The baby aisles in the stores are changing. New products drift onto the market, old ones are phased out. It’s only been a year since we stocked the nursery, and it’s already going stale. Items have been placed on clearance, discounted and disposed of for newer models. The flavors of pedialyte are even changing, or at least the ones they stock are. The world moves on imperceptibly, and James remains precisely the same, unchanged in a plot I pick the rocks off when it rains. It is to be expected of course, if James were alive, he’d age and acquire new toys. The changing seasons would translate naturally into changing outfits and accessories. Football season is around the corner, if he were here I’d buy him a ball, a new Baylor bears outfit that fit to replace his old one, now much too small. In a few years, he’d have probably realized, wisely, that the Bears were awful. I wonder what team he would have chosen to replace them.
He’d have started talking soon, building the syllables of “ah” “ma” “ba” and “da” into something approximating language. The closest he ever came to forming words came shortly before his big surgery. It was 5:30 in the morning and we’d been up all night with him. He cried and cried because he couldn’t eat and we wouldn’t feed him. Along with a chaplain, we sang to him, and the tunes (all poorly rendered) distracted him enough to stop him from crying. A few minutes before we finally left for the OR, he started talking to us. Bahs and ahs, mahs and dahs. He strung together “ma-ma” and “da-da” though that very well may have been my wishful thinking. After the long night the grim morning awaiting us, I felt relieved, grateful. Even if it was only in my head, I’m glad we got to hear it. I wonder about what else he had to say.
He was always ahead on his developmental “milestones.” Before he got sick, I just assumed he inherited my impatience. It was also the source of an odd, unearned pride, something along the lines of “He’s so quick! And he rolled over a month early! Clearly he will both win the Heiseman and become a Rhodes Scholar.” Now I often think James just knew he didn’t have the time to wait long enough to hit everything on schedule. I wonder what boxes we’d be checking now, what dates we’d mark to belatedly record in his baby book a month or two later. There are no new dates however, only old ones that we’re becoming farther and farther removed from.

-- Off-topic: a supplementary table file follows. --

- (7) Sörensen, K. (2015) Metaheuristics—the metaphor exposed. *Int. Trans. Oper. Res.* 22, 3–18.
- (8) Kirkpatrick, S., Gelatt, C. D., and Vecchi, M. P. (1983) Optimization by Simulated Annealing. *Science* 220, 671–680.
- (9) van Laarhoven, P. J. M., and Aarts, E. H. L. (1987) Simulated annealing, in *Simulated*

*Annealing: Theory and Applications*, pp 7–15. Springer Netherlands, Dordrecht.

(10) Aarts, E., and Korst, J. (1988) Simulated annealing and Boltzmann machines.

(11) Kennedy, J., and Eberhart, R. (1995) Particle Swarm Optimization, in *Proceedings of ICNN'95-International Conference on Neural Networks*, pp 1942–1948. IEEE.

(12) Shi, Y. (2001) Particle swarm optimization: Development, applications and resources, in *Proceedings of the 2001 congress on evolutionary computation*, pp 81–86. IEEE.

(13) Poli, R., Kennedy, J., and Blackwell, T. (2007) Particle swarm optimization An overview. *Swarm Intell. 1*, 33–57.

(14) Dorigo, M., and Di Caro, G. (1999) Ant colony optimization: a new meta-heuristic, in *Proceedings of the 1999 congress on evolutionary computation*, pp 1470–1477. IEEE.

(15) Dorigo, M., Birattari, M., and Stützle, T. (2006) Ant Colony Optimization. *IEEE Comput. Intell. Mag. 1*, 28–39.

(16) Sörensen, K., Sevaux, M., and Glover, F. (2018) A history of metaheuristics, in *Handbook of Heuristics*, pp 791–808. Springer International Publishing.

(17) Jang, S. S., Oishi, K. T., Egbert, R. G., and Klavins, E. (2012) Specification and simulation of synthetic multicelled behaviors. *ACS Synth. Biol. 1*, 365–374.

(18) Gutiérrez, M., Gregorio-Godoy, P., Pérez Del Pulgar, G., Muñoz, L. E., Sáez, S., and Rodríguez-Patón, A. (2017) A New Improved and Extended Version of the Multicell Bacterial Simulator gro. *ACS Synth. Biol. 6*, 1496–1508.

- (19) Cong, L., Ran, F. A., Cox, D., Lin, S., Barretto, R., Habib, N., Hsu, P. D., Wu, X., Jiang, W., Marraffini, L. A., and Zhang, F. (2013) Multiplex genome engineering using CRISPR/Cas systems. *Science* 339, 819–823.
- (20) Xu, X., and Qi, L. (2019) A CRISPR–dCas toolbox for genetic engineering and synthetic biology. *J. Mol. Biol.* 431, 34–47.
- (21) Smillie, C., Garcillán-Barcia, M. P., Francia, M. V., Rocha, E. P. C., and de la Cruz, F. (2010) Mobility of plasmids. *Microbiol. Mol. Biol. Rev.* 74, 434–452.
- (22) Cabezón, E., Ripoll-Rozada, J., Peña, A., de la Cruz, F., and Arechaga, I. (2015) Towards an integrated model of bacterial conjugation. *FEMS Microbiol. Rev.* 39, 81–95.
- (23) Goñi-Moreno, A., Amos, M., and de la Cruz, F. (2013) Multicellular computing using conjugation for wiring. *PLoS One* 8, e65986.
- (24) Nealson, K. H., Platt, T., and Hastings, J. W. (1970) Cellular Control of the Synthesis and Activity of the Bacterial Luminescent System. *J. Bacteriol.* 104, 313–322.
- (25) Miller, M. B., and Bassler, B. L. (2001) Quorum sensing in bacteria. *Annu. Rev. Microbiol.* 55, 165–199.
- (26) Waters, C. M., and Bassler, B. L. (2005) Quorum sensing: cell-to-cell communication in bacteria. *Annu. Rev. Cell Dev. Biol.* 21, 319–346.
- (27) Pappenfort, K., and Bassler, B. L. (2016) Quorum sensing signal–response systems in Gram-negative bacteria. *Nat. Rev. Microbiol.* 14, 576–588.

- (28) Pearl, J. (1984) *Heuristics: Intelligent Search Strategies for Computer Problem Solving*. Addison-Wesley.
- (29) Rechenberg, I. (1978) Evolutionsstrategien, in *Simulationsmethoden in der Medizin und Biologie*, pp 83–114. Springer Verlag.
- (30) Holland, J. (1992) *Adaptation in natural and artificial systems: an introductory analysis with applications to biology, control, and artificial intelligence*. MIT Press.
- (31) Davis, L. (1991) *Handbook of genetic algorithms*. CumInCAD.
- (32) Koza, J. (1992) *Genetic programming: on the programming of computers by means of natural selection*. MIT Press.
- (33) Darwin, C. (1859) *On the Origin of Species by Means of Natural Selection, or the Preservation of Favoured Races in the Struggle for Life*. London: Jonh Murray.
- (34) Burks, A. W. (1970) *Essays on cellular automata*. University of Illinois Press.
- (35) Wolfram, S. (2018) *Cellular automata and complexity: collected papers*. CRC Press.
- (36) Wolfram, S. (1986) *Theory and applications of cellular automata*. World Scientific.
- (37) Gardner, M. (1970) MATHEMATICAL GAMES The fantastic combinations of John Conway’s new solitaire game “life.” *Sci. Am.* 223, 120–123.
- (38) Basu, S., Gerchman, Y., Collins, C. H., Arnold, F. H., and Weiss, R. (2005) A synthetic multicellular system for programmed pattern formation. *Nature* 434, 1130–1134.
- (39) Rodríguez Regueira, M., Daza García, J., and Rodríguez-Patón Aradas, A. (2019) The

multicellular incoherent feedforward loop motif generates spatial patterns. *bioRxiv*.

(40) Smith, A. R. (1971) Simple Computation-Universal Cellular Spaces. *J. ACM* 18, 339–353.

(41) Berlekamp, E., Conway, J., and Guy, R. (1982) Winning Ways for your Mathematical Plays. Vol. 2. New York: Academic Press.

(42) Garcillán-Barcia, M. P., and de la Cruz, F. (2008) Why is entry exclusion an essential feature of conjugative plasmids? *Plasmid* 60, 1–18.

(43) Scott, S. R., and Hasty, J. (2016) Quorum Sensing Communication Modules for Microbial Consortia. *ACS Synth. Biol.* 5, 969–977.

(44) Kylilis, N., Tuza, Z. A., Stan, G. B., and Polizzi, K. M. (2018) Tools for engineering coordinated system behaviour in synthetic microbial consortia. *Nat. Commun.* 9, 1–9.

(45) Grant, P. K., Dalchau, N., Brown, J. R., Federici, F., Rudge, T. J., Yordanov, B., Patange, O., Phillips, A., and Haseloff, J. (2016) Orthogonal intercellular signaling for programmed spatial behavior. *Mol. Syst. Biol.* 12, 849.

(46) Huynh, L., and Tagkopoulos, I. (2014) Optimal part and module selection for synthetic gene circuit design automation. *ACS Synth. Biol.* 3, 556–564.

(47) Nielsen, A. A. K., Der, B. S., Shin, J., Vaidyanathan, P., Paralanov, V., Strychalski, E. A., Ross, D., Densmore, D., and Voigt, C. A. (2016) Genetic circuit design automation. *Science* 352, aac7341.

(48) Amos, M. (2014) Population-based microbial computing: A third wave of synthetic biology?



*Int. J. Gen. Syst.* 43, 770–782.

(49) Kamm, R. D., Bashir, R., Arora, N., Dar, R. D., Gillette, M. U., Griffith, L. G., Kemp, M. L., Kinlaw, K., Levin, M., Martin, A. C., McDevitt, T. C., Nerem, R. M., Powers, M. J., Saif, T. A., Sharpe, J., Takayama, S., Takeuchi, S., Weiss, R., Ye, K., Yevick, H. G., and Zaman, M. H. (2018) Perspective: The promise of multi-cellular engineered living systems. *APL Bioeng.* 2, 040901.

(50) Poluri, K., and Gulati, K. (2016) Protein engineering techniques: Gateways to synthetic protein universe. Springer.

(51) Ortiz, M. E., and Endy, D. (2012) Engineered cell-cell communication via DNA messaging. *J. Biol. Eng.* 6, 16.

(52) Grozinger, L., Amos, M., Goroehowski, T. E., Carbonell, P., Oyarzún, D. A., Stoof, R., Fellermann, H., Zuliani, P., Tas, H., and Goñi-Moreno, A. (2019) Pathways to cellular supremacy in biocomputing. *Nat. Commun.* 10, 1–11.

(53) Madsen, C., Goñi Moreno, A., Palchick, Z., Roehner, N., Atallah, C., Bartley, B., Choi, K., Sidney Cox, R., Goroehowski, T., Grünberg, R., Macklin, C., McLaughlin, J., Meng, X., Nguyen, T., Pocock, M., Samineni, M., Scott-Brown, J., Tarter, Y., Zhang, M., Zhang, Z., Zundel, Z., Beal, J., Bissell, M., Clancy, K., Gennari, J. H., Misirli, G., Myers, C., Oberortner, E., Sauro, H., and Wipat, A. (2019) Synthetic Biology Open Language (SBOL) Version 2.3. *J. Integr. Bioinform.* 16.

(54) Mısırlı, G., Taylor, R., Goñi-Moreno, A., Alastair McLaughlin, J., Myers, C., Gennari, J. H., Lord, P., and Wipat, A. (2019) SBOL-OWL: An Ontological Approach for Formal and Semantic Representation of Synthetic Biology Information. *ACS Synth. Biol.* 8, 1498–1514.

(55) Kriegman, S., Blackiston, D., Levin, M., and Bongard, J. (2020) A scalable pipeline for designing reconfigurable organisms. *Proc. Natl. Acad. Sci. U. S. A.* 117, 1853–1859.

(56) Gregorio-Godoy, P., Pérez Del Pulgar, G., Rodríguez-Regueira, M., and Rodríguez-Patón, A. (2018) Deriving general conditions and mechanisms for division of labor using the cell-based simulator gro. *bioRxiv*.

Many changes should be occurring, but it is not so. He remains where he is, frozen in time. No new pictures, no new words, no new anything. Just memories that I play over and over again in my mind, afraid they’ll fall into some crack and never return.
There’s a lot of things I miss, but in an odd way change is one of them. I miss knowing that things were going to change, that James would change. It seems odd for him to have become a memorial, fixed and unchanging. He was always more dynamic than that. Perhaps that’s why, as the absence of seeing him change so quickly simply brings home the fact that he never will change again, because he is not here to change.
It’s not that his life isn’t being celebrated, that we’re not joyful for the time we had with him. I think everyone who knew him feels that way. There is much to be thankful for, and in the balance, James’ life contained more joy than anything else. He certainly left us with more. All of that is true. It’s just that James is a joyful angel, but he’ll never be a toddler.
On the other hand, James never needed to change. In my completely unbiased, objective opinion, James was the most perfect little boy who ever was. You cannot improve upon perfection. Now he’ll simply be perfect for eternity.